27. Identifying Passive Voice • Most of the time, writers can identify passive constructions simply be scanning their papers for be verbs (is/am/are/was/were/be/being/been) and then noticing what the next verb looks like. • If the verb behind the be ends in –ing, the sentence is active. • If the verb behind a form of the be ends in –ed, -en, or something else, the sentence is probably passive. • Active: Carlos has been making good grades • Passive: The candy has been hidden all over the house.

  28. Active The early bird catches the worm. Passive The worm is caught by the early bird. A six-word sentence in the active voice becomes an eight-word sentence in the passive voice. Plus, the passive sentence is not as direct. Two Examples

  29. A sample sentence--one written in the passive voice and suffering from wordiness--may help to demonstrate the importance of using the active voice.

  30. “It was reported that the report was basically an attempt to make a determination regarding why the electrical contractor failed to take the formally agreed upon project to completion at the time we had agreed upon before."

  31. By simply considering two aspects of effective writing--voice and wordiness--this sentence can be radically improved.

  32. Two Changes • Firstly, if the writer shifts from the passive voice--where the subject of the sentence is acted upon--to the active voice-where the subject does the acting-the sentence becomes much better. • Secondly, by cutting words that add no meaning to the writer's message, the writer's style matures considerably, becoming more clear, direct, and meaningful.

  33. A revised version of our original sentence We tried to determine why the contractor failed to complete the project.

  34. It was reported that the report was basically an attempt to make a determination regarding why the electrical contractor failed to take the formally agreed upon project to completion at the time we had agreed upon before. We tried to determine why the contractor failed to complete the project. The two sentences side-by-side

  35. Getting rid of the passive verb construction and cutting some of the unnecessary words helps to sharpen an awkward sentence into one that carries a forceful message.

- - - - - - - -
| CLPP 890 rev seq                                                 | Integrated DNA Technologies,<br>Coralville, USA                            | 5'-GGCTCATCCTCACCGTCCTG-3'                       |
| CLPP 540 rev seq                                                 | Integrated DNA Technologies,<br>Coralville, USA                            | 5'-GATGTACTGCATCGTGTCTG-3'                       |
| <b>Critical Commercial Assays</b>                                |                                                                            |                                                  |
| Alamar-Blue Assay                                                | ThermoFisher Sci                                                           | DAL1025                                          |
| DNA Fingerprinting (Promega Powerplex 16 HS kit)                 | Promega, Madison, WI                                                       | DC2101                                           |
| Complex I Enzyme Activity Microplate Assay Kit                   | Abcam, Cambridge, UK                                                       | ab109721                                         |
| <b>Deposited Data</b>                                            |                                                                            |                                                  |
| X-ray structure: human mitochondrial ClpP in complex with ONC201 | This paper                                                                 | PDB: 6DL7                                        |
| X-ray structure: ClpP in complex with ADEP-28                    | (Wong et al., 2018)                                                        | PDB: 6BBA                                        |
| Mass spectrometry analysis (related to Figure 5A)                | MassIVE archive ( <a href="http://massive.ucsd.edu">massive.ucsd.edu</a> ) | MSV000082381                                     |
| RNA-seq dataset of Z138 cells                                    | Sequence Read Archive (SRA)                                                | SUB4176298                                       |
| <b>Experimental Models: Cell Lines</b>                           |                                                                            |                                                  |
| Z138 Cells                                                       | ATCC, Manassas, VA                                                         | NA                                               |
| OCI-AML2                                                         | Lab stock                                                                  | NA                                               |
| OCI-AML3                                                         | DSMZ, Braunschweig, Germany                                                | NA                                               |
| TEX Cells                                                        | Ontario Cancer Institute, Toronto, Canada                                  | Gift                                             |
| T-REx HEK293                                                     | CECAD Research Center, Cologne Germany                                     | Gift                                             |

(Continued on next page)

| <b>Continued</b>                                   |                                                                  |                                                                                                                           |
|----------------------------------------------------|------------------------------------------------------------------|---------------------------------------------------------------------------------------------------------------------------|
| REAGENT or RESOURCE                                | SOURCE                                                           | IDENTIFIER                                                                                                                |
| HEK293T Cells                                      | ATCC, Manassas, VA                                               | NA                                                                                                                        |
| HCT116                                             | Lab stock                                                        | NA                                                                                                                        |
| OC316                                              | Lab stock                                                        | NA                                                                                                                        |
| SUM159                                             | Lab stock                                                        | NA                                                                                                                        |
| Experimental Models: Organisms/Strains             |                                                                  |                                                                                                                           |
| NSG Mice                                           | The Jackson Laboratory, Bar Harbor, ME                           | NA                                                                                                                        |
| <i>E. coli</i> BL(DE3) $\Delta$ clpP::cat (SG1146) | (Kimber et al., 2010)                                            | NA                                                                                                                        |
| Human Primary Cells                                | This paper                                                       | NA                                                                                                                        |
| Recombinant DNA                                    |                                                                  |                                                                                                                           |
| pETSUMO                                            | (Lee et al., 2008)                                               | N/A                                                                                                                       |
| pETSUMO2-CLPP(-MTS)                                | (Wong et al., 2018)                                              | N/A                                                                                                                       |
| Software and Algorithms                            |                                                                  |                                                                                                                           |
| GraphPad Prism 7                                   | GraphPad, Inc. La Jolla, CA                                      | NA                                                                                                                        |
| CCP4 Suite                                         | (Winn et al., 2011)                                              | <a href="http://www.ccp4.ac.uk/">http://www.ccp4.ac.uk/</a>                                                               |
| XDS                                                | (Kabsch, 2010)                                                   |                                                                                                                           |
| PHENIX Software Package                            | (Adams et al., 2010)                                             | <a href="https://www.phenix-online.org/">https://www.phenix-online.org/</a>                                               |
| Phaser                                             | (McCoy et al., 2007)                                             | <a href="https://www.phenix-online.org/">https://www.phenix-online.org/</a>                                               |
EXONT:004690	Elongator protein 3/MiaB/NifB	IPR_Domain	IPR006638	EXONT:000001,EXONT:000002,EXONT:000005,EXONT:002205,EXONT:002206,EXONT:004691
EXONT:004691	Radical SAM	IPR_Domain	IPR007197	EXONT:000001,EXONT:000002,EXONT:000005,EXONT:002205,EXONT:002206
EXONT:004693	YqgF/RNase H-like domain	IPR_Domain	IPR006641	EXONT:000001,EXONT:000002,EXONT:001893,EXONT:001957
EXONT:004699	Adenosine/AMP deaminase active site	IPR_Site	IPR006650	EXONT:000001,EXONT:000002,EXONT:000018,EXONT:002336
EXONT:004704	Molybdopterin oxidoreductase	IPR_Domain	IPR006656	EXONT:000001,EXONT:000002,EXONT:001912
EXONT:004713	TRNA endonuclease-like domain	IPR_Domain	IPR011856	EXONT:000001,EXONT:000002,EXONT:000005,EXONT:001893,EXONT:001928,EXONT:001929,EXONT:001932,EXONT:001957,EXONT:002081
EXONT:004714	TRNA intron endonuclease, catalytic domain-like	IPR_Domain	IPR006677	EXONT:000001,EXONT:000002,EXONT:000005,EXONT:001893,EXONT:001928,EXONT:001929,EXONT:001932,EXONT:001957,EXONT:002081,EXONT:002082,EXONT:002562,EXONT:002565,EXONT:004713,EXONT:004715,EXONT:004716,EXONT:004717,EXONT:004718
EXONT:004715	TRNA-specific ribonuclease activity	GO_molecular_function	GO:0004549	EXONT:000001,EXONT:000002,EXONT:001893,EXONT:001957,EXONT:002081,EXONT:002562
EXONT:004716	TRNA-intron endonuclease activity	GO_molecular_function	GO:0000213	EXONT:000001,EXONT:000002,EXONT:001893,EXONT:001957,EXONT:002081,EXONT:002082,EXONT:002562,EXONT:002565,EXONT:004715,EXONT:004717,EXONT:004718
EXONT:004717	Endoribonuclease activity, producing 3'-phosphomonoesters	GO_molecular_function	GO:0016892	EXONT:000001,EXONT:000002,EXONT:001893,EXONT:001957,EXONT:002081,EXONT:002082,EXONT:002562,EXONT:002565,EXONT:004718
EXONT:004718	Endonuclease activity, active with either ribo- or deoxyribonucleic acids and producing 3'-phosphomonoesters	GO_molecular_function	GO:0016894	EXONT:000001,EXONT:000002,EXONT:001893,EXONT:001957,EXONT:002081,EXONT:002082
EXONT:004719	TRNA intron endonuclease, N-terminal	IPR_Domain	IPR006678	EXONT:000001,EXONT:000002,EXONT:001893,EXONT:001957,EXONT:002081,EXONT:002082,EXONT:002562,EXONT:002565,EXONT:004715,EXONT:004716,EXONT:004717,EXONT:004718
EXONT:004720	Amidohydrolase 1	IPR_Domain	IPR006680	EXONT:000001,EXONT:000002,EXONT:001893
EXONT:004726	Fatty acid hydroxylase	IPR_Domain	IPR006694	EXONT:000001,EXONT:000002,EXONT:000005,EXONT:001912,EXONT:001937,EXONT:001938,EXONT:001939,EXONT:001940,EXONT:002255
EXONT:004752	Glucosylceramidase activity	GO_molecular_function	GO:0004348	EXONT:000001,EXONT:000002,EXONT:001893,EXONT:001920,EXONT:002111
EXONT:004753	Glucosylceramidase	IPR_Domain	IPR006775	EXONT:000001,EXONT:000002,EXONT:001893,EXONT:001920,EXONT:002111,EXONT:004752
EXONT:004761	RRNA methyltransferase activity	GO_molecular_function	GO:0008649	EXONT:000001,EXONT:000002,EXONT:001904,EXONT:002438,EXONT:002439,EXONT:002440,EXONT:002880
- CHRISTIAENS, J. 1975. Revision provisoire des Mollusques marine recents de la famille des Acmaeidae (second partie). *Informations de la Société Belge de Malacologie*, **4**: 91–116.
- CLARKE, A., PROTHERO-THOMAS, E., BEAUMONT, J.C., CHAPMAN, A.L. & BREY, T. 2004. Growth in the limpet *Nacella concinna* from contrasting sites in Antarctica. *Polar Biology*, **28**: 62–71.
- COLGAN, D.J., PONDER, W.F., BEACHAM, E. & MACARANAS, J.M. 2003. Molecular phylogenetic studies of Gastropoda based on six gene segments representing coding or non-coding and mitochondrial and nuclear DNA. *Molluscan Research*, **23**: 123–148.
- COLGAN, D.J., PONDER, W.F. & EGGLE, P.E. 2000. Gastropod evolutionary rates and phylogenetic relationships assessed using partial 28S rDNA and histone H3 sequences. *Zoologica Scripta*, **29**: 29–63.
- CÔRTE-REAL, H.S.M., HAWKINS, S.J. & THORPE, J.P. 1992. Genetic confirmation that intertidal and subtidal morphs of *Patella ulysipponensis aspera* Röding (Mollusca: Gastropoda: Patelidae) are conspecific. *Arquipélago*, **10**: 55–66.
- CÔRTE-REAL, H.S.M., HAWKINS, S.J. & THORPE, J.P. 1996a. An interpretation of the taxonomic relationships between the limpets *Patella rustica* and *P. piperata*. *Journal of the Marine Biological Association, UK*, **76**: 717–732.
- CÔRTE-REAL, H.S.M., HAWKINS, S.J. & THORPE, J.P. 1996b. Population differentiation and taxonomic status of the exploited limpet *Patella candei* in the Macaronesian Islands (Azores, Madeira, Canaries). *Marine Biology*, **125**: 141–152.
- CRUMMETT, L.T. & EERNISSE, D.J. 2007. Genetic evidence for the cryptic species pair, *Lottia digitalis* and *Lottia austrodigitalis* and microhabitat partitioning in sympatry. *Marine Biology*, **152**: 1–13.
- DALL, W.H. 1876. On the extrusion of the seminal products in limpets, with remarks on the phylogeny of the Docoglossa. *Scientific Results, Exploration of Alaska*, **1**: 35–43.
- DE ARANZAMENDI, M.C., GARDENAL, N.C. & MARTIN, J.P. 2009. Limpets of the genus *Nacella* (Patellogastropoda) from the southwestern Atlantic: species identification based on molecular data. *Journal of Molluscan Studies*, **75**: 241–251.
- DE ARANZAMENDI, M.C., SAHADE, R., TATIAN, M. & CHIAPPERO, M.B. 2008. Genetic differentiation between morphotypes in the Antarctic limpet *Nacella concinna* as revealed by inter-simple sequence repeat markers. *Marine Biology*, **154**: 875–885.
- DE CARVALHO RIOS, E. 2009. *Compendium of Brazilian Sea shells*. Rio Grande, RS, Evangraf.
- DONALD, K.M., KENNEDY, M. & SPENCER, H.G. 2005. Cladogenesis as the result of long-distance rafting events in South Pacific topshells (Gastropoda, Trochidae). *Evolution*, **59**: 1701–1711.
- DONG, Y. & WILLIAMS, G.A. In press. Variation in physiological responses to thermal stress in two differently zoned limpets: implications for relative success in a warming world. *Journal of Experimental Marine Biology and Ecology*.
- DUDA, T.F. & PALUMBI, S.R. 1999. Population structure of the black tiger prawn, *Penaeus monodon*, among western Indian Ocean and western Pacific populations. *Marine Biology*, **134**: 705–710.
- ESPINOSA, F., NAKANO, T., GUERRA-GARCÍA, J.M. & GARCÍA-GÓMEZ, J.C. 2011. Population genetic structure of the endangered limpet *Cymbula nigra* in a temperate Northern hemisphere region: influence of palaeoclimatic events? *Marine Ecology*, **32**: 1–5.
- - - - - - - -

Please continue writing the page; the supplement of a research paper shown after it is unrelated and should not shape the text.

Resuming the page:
36. I am confused. Is there a simple way to identify the active and passive voice? YES!

  37. Identifying Passive Voice • If you use a word-processor, it will likely point out the passive voice when you are doing your spell/grammar check.

  38. Passive Voice Check in Microsoft Word • Go to Tools • Click Options • Click Spelling and Grammar • Check Show Readability Statistics

  39. The computer will identify what percentage of your writing is in the passive voice. But remember, sometimes the passive voice is appropriate; you--not the computer program--must decide whether to make a passive verb active. Microsoft Word

  40. The computer will identify what percentage of your writing is in the passive voice. But remember, sometimes the passive voice is appropriate; you--not the computer program--must decide whether to make a passive verb active. Microsoft Word

  41. The computer will identify what percentage of your writing is in the passive voice. But remember, sometimes the passive voice is appropriate; you--not the computer program--must decide whether to make a passive verb active. Microsoft Word

  42. To figure out how to do this for other versions of Word check out this site

  43. Let’s Turn On These Features

  44. The Importance of Paragraphs

  45. Paragraphs as Signposts From the reader’s point of view, paragraphs make promises. -- Erika Lindemann

  46. Keep Your Paragraphs Short Writing is visual-- it catches the eye before it has a chance to catch the brain.

  47. Keep Your Paragraphs Short Short paragraphs put air around what your write and make it look inviting, whereas a long chunk of type can discourage a reader from even starting to read. (p. 80)

  48. Great place to brush up on paragraph structure… OWL Parag:https://owl.english.purdue.edu/owl/resource/606/1/

  49. Paragraphing is a subtle but important element in writing…a roadmap constantly telling your readers how you have organized your ideas. (p. 80)

  50. Study good nonfiction writers to see how they do it. You’ll find that almost al of them think in paragraph units, not in sentence units. (p. 80)